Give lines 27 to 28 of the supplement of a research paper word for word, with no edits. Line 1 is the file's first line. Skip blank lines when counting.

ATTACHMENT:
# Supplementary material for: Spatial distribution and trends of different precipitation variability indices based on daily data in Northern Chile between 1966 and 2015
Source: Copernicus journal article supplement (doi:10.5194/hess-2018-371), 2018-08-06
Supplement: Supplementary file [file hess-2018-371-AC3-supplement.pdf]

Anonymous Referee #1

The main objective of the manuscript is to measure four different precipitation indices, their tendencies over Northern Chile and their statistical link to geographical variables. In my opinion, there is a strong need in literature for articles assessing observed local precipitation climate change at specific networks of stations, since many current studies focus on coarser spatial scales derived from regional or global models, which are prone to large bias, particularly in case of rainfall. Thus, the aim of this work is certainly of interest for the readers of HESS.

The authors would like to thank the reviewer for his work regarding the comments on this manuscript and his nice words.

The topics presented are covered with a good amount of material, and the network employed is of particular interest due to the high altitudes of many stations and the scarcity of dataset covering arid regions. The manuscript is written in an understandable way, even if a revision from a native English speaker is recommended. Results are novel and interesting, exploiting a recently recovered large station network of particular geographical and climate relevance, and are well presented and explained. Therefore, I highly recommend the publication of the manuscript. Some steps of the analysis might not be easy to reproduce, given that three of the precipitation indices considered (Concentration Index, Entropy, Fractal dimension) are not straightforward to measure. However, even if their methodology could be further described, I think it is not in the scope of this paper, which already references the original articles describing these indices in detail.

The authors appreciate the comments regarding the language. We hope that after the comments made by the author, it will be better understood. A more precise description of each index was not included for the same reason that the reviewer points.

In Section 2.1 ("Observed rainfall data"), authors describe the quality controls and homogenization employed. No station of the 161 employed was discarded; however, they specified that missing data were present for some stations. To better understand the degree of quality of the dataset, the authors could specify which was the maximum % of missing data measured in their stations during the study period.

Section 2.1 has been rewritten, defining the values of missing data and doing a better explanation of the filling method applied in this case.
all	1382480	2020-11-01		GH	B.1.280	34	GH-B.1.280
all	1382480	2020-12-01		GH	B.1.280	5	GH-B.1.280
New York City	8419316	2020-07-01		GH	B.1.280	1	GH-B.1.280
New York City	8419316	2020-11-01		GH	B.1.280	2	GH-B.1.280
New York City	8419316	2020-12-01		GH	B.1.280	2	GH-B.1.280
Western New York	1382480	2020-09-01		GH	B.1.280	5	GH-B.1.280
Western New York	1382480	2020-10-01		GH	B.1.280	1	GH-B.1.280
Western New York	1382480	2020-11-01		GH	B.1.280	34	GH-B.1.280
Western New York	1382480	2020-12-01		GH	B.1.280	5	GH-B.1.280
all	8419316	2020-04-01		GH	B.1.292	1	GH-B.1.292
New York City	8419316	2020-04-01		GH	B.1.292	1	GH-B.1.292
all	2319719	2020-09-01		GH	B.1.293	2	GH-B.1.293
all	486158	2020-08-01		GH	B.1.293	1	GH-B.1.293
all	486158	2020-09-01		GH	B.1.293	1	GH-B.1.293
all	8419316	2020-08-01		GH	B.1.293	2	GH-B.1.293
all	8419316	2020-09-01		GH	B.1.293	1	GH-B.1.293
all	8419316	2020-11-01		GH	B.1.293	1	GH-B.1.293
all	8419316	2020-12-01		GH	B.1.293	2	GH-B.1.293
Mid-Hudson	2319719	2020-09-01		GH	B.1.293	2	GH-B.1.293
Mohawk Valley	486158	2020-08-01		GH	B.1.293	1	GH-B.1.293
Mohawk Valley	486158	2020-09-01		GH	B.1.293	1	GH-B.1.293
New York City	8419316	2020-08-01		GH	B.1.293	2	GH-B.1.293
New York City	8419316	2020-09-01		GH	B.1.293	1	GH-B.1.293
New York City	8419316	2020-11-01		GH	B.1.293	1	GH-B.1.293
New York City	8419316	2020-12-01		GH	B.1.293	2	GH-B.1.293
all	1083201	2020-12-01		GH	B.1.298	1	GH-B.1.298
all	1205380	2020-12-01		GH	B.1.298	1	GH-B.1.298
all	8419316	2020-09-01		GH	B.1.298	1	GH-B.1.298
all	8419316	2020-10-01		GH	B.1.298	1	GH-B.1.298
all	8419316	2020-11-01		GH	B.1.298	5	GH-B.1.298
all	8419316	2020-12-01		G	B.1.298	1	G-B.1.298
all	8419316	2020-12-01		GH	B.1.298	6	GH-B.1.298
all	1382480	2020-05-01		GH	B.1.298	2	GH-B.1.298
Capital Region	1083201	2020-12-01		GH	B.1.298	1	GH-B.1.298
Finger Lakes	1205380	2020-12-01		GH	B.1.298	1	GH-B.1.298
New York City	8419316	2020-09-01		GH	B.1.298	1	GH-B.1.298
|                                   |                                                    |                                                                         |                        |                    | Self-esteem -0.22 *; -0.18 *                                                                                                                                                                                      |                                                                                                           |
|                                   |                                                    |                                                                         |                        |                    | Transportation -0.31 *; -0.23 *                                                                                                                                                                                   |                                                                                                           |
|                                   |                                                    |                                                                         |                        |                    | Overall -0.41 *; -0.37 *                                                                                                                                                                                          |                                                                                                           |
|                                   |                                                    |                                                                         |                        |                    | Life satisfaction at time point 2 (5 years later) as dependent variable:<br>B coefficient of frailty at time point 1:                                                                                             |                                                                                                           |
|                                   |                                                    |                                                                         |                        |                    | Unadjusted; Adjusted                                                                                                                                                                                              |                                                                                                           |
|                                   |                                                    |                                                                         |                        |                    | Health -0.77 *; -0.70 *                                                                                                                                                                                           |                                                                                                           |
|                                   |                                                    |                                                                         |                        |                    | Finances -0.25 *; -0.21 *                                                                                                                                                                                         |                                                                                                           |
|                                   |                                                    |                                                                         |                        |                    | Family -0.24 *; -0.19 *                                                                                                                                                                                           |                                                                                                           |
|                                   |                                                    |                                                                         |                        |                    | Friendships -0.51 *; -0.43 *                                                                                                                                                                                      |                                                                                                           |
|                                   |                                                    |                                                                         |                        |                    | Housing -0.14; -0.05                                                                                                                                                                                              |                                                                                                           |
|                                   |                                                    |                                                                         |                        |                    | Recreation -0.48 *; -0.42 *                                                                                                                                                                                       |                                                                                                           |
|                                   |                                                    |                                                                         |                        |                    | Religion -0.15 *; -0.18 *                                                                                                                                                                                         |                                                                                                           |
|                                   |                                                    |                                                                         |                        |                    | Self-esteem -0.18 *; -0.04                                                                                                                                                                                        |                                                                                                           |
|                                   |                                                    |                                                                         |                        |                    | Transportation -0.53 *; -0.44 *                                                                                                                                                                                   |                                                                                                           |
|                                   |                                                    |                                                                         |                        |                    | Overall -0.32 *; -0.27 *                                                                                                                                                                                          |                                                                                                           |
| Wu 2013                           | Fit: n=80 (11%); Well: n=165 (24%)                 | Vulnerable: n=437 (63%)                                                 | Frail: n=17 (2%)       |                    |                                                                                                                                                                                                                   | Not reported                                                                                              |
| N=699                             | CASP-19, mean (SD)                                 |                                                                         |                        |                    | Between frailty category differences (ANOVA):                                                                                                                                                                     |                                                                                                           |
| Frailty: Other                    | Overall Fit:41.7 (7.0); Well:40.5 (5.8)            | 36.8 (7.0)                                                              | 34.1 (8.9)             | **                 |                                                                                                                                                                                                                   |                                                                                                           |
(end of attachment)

all	8419316	2020-11-01		GH	B.1.293	1	GH-B.1.293
all	8419316	2020-12-01		GH	B.1.293	2	GH-B.1.293